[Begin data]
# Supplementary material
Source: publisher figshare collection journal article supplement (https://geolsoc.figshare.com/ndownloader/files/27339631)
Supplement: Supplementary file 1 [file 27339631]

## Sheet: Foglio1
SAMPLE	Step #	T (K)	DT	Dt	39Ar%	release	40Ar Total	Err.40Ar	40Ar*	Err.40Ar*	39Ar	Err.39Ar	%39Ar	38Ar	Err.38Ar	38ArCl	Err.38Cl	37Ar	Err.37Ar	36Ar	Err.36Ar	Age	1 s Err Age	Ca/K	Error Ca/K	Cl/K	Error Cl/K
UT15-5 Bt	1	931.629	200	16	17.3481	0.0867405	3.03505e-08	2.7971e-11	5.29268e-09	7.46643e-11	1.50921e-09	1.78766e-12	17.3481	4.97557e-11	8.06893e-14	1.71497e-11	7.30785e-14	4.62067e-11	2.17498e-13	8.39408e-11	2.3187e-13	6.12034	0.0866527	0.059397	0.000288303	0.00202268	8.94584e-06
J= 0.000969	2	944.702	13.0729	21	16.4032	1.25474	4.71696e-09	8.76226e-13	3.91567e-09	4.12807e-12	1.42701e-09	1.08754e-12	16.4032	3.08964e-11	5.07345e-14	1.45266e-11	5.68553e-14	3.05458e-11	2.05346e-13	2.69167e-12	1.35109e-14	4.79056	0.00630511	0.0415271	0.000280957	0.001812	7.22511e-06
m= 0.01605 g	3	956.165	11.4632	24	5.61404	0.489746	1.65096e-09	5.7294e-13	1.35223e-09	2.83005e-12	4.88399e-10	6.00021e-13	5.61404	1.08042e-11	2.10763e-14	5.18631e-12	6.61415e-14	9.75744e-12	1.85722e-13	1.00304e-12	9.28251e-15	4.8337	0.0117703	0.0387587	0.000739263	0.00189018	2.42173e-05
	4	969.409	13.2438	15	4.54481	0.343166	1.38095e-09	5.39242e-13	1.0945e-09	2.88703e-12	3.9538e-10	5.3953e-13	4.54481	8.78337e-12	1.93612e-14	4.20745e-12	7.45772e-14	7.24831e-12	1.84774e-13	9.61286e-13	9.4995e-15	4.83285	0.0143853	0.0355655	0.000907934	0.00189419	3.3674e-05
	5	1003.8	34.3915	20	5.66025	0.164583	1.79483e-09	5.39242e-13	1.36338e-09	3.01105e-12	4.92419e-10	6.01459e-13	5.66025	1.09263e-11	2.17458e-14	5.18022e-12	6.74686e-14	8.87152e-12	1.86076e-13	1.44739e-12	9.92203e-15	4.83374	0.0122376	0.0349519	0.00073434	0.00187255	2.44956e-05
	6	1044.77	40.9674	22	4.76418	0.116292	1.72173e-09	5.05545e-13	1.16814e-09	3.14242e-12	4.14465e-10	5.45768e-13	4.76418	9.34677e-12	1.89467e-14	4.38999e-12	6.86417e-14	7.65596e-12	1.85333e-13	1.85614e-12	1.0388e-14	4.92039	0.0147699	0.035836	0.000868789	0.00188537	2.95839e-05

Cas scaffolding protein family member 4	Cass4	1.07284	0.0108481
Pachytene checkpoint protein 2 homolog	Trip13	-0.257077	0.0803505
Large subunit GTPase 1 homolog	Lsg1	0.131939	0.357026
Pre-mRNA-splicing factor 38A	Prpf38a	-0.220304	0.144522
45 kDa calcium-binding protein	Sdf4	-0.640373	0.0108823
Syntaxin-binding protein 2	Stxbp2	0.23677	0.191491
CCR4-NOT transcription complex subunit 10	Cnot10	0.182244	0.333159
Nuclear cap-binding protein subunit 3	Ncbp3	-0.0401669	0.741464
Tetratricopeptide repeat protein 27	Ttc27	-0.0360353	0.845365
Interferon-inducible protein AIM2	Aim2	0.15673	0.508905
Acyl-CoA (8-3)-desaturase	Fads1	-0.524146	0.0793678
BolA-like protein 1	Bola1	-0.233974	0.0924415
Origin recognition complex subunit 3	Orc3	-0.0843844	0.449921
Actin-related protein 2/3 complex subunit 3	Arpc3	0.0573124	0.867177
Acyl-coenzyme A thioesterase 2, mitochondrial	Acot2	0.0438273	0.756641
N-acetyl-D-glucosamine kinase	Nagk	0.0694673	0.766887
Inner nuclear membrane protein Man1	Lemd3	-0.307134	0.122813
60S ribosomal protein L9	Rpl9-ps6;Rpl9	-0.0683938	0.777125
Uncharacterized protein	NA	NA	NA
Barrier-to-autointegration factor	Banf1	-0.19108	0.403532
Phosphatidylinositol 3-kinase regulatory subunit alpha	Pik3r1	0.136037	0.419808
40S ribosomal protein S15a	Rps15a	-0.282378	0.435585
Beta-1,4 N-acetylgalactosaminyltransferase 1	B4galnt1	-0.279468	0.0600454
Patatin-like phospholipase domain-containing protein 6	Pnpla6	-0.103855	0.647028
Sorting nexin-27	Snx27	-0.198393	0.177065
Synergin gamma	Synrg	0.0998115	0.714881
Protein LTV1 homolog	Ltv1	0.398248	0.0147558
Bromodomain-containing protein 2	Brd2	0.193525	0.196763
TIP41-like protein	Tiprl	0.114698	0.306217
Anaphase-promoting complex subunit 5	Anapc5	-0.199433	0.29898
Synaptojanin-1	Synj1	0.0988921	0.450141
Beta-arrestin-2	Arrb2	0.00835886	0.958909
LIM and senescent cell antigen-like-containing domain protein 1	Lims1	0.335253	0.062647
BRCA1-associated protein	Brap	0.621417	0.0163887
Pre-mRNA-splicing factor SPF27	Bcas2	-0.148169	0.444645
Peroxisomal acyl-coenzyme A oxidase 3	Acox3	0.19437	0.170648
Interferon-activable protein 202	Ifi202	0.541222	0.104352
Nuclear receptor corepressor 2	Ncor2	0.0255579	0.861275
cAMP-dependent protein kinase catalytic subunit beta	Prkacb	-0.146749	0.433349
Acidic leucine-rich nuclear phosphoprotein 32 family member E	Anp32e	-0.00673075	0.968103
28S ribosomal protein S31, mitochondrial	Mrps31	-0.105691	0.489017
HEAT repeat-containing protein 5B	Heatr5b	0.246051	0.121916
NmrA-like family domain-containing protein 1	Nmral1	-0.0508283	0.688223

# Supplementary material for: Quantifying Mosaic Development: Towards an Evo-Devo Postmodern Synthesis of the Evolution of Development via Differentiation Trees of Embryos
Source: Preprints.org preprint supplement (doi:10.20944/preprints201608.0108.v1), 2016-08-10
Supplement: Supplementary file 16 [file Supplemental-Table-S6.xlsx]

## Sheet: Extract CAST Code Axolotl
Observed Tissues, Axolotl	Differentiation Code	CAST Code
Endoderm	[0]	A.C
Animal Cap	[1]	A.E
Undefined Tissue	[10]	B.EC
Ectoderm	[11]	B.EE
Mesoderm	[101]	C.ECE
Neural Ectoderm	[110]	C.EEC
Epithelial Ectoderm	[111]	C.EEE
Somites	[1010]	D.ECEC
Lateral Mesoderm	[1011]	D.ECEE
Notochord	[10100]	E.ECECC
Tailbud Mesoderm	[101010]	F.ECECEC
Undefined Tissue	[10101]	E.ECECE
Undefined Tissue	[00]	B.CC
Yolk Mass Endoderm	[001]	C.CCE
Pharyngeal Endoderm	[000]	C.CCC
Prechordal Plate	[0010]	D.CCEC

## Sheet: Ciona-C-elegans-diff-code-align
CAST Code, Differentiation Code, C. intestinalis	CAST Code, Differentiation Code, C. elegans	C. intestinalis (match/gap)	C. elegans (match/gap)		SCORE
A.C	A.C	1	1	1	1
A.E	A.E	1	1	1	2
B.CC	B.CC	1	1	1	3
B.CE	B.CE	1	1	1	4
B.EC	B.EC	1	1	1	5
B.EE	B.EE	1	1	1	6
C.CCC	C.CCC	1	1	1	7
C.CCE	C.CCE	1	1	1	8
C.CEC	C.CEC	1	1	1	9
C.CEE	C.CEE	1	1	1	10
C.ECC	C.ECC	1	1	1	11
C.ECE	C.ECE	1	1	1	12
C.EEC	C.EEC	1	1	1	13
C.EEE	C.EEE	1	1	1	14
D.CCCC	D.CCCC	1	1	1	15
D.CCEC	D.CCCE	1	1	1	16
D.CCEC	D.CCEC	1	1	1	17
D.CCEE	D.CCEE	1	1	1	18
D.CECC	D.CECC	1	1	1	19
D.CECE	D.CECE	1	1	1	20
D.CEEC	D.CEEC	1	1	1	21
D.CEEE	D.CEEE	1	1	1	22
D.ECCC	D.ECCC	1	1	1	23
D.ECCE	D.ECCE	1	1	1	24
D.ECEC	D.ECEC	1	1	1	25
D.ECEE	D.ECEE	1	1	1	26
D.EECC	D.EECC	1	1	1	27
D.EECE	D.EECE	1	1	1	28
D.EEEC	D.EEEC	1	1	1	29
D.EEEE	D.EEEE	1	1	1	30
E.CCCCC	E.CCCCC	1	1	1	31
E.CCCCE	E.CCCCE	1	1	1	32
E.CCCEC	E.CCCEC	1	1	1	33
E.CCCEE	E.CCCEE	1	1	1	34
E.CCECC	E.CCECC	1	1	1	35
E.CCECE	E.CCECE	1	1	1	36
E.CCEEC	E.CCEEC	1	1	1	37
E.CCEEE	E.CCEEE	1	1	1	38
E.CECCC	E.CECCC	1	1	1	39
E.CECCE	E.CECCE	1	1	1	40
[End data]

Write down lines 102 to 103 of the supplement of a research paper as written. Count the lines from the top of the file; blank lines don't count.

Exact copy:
D.ECEC	D.ECEC	1	1	1	25
D.ECEE	D.ECEE	1	1	1	26